You can then check in with the hiring manager periodically to find out about the status of their hiring process. Keep the follow-up within the timeframe given to you, and according to guttulus.com, you should avoid checking in daily or every other day. Make sure that you spread out your inquiries and that you don’t sound aggressive or anxious with them.
Contact your references
If you submitted references to your potential employer, after the first interview you should give them a heads-up to let them know that someone might contact them. While it is customary to only submit references if the person knows that you are using them as a reference, if at this point you think they will be called, then as per runrex.com you should notify references so that they know to expect the phone call.
The only exception
As already mentioned, you should not reach out to the hiring manager before the date they gave you. However, there is one exception to this as outlined over at guttulus.com, and this is if there is a significant change in your situation or portfolio. If you interview for your dream job and then get an offer from someone else before you hear back from them, you can write them to let them know that you have another offer, but really admire the company and its mission and are hoping to hear from them before deciding. Also, if you have written an article or submitted a patent application relevant to the job you applied for if the article is accepted for publication of the patent is granted, you can share that news as it might influence the discussions about your application.
As the experts over at runrex.com point out, you should never make excuses for an error, but you can explain it in a follow-up letter to the employer. If you felt that the answers to inter questions were poor or that you left something out, send a professional follow-up letter that explains this to the hiring manager. However, only do so if you know the hiring manager made a note of your poor answers because giving an explanation on minor things the hiring manager didn’t notice can add attention to errors that might have otherwise gone unnoticed.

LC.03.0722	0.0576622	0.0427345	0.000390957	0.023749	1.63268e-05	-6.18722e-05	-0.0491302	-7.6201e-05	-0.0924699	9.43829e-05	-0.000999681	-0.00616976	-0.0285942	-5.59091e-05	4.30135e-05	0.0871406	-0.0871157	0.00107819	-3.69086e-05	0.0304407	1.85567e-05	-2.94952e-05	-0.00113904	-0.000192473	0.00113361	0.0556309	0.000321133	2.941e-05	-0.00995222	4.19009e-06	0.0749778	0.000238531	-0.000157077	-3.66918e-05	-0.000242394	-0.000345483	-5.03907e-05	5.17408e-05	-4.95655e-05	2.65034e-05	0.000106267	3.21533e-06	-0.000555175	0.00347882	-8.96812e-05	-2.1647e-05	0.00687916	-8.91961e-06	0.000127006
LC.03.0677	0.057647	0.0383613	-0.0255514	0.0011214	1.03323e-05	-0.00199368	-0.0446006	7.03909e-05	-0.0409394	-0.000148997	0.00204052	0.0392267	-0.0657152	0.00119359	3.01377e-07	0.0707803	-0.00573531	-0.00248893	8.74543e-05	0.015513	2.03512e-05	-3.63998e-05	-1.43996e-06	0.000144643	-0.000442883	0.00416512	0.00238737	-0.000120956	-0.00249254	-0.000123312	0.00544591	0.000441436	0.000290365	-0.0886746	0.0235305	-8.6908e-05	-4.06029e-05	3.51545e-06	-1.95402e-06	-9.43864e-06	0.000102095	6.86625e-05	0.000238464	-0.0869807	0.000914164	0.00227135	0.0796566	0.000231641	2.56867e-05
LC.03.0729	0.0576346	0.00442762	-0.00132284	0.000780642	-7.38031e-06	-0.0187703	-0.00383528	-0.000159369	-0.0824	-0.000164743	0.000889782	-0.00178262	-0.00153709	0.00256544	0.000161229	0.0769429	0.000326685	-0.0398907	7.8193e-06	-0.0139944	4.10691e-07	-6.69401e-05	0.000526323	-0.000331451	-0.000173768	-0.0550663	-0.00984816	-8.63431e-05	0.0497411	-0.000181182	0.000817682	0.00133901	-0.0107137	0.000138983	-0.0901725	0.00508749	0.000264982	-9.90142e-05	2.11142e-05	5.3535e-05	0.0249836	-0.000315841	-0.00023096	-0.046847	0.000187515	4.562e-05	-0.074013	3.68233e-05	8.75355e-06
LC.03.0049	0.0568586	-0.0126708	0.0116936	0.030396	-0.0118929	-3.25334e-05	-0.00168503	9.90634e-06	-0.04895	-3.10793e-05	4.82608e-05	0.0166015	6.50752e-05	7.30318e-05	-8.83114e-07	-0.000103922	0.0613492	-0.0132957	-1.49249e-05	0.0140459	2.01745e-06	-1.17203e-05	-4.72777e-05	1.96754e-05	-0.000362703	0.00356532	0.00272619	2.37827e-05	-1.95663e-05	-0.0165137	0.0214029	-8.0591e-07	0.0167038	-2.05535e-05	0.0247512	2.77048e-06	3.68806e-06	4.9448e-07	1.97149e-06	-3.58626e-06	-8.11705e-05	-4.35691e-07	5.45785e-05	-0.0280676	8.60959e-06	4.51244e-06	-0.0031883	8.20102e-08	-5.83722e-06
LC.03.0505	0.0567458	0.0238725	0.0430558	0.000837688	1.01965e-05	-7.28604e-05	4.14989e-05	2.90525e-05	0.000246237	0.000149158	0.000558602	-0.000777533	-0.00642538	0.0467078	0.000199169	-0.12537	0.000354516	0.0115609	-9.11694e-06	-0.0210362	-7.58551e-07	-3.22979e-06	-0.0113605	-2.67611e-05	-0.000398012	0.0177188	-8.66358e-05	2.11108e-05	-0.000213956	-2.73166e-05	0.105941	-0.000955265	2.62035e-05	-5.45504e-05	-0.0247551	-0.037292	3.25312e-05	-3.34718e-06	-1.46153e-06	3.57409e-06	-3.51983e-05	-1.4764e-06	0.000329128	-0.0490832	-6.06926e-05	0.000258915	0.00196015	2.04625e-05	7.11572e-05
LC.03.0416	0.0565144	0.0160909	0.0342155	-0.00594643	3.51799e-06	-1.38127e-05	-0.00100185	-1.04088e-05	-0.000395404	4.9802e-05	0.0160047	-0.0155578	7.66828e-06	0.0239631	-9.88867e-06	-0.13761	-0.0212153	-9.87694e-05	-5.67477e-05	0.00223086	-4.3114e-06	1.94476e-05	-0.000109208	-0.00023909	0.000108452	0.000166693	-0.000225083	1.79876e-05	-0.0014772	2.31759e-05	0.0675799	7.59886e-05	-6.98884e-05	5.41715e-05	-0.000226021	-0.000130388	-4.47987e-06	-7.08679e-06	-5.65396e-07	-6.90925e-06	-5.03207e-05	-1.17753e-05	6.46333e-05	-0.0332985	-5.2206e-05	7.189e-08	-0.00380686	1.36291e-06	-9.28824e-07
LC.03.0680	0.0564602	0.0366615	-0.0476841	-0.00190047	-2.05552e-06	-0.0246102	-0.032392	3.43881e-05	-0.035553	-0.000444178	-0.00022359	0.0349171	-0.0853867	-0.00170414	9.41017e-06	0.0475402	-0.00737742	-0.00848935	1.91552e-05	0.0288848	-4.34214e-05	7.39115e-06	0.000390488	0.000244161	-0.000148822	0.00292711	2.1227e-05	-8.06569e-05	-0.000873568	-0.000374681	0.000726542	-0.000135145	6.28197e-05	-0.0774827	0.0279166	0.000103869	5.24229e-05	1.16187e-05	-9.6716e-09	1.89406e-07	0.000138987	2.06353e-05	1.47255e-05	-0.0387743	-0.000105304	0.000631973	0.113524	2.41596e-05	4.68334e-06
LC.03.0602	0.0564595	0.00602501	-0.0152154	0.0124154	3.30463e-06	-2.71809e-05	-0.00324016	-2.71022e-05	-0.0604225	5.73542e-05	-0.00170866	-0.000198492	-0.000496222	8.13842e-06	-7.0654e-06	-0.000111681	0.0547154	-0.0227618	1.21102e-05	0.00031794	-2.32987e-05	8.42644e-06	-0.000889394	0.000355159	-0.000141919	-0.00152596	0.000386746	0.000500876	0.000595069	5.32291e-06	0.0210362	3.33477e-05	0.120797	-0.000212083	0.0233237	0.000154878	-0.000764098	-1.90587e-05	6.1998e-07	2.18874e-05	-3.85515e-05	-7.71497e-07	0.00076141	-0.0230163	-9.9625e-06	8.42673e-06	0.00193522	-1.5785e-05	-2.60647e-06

Apologizing for a poor performance
As explained over at guttulus.com, while you might feel like your interview was poor, you should never automatically assume that the hiring manager thought the same. Therefore, you should never apologize to a hiring manager if you think your interview went poorly. The only time that you should apologize is for a slip-up, such as referring to the hiring manager by the wrong name.
Finally, if you feel like your interview went well but you aren’t offered the job, you can send one additional note to ask for feedback on the interview. Again, you want to keep this note short and sweet. Thank the interviewer once again for their time, say that you enjoyed the interview process and would like to get some constructive feedback on what you can do better in the future to improve your chances of getting a job as articulated over at runrex.com. While not all recruiters will take the time to give you that feedback, often you may get a specific tip that can improve your chances on the next round, and it could even lead to a different job offer down the line.
The above discussion only just begins to scratch the surface when it comes to the post-interview period, and how to approach it, with more tips, insights, and information on the same to be found over at the top-rated runrex.com and guttulus.com.